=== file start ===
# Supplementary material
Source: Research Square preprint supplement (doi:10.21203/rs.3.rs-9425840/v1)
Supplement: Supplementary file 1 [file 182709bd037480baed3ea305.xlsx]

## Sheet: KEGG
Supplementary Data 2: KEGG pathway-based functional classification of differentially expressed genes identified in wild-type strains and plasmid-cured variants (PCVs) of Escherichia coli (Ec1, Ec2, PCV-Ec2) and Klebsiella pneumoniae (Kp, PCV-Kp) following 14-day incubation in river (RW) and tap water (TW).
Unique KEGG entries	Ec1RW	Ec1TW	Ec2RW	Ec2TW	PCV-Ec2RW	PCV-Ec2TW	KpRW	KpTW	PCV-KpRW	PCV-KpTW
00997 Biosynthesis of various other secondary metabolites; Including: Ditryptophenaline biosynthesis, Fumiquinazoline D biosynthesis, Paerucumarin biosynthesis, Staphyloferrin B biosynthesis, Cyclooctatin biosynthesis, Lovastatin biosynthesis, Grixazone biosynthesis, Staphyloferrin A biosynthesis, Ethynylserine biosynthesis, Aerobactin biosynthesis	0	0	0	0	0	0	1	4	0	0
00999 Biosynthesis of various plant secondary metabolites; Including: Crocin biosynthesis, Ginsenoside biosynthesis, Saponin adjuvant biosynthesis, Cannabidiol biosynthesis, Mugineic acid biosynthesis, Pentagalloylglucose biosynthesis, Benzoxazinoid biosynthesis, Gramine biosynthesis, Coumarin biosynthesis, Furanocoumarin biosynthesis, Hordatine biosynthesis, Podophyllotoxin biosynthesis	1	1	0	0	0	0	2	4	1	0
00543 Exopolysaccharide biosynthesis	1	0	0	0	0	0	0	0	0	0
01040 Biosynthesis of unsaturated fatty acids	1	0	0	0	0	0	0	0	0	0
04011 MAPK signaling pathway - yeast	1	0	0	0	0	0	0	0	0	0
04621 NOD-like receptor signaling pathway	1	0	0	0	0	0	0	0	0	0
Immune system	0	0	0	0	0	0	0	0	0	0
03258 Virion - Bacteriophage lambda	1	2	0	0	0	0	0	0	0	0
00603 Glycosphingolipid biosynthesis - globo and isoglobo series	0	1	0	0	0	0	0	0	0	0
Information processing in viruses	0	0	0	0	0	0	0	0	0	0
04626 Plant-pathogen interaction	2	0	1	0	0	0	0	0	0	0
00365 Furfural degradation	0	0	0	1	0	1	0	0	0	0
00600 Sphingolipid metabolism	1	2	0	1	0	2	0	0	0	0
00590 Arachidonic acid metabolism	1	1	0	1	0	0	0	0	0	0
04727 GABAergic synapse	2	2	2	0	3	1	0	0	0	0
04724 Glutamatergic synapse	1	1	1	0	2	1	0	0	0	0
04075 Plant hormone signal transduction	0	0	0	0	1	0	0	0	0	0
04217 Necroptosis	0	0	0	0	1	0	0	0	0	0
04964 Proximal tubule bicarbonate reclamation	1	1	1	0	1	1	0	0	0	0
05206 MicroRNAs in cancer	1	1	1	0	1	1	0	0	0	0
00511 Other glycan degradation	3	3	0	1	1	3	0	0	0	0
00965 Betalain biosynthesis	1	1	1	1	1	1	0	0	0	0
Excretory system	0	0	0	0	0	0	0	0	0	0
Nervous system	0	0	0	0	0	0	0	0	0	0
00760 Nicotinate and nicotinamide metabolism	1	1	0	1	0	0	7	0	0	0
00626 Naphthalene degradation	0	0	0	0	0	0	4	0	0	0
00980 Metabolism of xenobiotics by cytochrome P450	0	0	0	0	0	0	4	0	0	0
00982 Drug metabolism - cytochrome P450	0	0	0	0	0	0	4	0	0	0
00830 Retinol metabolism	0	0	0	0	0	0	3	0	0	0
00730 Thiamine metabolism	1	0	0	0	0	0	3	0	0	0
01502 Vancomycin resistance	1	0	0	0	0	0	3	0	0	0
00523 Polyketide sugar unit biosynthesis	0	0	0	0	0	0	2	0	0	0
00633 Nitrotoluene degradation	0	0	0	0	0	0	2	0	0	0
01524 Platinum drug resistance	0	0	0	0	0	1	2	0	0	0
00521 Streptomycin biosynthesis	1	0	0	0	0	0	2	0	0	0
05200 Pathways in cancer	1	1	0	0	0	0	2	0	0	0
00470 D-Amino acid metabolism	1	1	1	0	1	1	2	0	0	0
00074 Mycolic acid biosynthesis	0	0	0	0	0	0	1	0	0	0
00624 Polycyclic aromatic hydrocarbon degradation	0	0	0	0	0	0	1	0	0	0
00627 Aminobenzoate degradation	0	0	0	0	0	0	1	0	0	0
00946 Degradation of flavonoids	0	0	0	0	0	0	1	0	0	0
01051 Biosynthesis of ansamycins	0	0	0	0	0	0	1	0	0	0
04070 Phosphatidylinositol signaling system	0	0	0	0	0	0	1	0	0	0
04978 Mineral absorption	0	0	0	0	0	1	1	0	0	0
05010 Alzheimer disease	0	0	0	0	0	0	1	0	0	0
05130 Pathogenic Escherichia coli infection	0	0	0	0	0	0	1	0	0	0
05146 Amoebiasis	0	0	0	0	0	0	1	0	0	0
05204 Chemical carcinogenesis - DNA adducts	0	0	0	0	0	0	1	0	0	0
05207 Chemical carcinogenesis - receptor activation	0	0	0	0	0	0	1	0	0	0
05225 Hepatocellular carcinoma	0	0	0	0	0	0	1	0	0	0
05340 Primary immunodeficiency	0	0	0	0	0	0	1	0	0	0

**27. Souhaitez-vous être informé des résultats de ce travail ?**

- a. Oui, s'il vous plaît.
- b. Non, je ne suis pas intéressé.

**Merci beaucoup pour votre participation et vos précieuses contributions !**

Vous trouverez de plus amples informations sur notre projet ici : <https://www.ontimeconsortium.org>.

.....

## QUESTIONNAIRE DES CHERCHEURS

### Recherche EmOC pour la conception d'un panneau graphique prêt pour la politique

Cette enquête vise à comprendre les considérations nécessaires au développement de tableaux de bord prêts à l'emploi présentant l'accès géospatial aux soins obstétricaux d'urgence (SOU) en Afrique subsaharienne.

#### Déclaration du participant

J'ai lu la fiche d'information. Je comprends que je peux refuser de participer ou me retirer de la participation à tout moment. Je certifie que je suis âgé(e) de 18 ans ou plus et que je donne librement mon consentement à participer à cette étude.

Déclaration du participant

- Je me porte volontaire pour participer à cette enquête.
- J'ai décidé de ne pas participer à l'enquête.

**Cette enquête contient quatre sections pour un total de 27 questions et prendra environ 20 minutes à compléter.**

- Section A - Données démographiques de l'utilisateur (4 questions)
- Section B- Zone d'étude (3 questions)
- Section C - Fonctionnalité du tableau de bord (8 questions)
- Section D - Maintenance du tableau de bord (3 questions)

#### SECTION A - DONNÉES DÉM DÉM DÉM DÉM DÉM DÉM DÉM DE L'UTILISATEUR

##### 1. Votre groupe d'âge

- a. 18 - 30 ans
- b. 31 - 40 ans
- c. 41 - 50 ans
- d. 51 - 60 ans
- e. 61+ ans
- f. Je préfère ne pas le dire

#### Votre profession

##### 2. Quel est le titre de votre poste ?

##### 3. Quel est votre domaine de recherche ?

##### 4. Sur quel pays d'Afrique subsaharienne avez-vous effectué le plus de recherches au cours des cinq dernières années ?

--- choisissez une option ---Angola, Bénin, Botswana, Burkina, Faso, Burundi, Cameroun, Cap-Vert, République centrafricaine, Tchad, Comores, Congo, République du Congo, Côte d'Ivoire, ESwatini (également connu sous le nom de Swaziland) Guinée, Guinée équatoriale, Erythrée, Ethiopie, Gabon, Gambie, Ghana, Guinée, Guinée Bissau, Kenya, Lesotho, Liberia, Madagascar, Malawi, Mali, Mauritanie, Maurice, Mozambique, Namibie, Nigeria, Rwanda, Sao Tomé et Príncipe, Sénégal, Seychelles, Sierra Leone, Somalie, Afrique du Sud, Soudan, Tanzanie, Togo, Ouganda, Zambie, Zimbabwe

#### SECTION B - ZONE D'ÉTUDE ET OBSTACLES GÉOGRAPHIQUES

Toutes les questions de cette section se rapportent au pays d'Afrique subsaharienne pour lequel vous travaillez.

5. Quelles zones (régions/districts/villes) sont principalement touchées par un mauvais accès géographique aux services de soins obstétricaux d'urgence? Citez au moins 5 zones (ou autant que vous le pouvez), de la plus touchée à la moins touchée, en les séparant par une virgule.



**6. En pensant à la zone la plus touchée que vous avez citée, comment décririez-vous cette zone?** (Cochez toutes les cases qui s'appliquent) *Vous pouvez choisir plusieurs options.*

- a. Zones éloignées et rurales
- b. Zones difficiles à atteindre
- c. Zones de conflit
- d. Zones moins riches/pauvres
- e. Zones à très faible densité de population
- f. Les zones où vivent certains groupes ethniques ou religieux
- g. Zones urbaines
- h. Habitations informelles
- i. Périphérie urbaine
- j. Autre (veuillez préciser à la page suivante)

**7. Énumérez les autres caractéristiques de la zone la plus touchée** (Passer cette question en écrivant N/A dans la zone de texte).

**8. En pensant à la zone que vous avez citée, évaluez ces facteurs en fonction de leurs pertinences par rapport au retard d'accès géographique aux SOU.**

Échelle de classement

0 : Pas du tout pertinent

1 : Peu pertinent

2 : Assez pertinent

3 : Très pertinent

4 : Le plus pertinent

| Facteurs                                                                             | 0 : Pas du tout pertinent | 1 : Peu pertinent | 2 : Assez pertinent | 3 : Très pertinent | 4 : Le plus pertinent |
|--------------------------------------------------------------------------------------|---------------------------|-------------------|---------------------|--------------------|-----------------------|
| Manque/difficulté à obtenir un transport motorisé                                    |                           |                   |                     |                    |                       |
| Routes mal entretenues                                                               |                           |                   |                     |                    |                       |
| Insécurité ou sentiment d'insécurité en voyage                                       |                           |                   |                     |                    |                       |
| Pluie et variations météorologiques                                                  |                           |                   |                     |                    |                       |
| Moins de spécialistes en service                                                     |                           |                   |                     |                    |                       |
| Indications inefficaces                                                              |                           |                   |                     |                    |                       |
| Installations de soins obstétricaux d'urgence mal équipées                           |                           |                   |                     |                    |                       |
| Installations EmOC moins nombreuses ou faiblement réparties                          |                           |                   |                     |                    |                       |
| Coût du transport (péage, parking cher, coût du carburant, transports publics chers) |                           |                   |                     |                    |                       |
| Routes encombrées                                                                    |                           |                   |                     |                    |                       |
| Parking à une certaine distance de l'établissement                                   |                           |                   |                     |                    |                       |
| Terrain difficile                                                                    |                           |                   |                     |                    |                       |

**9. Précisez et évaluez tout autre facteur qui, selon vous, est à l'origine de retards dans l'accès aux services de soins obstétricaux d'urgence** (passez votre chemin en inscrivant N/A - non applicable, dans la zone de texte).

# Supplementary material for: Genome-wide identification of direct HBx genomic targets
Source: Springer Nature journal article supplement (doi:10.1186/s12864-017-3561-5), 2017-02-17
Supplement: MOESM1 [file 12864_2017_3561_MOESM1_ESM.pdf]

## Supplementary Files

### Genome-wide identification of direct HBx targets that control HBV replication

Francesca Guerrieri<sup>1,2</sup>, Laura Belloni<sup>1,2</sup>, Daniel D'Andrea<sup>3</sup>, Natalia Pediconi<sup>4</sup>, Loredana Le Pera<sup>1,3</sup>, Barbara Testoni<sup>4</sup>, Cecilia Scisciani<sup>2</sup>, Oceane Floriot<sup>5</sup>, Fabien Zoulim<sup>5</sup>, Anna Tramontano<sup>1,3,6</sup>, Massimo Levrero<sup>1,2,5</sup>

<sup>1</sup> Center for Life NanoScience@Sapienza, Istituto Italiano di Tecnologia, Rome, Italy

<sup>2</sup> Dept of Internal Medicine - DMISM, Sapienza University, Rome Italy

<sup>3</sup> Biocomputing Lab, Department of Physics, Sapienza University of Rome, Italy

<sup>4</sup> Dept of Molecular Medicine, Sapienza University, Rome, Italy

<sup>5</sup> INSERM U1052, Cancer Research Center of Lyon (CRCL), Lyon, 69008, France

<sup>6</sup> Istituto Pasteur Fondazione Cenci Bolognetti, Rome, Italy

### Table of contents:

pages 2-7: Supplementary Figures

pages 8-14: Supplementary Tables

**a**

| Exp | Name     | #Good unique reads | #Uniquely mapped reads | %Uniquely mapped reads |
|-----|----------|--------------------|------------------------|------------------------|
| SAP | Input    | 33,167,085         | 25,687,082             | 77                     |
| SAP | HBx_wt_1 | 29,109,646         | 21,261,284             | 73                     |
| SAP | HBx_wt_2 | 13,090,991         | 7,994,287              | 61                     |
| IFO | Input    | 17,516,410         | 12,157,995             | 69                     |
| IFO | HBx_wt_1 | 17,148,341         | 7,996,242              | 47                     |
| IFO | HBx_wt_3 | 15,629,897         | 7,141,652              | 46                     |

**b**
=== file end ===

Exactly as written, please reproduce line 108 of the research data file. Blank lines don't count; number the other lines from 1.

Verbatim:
1 : Peu pertinent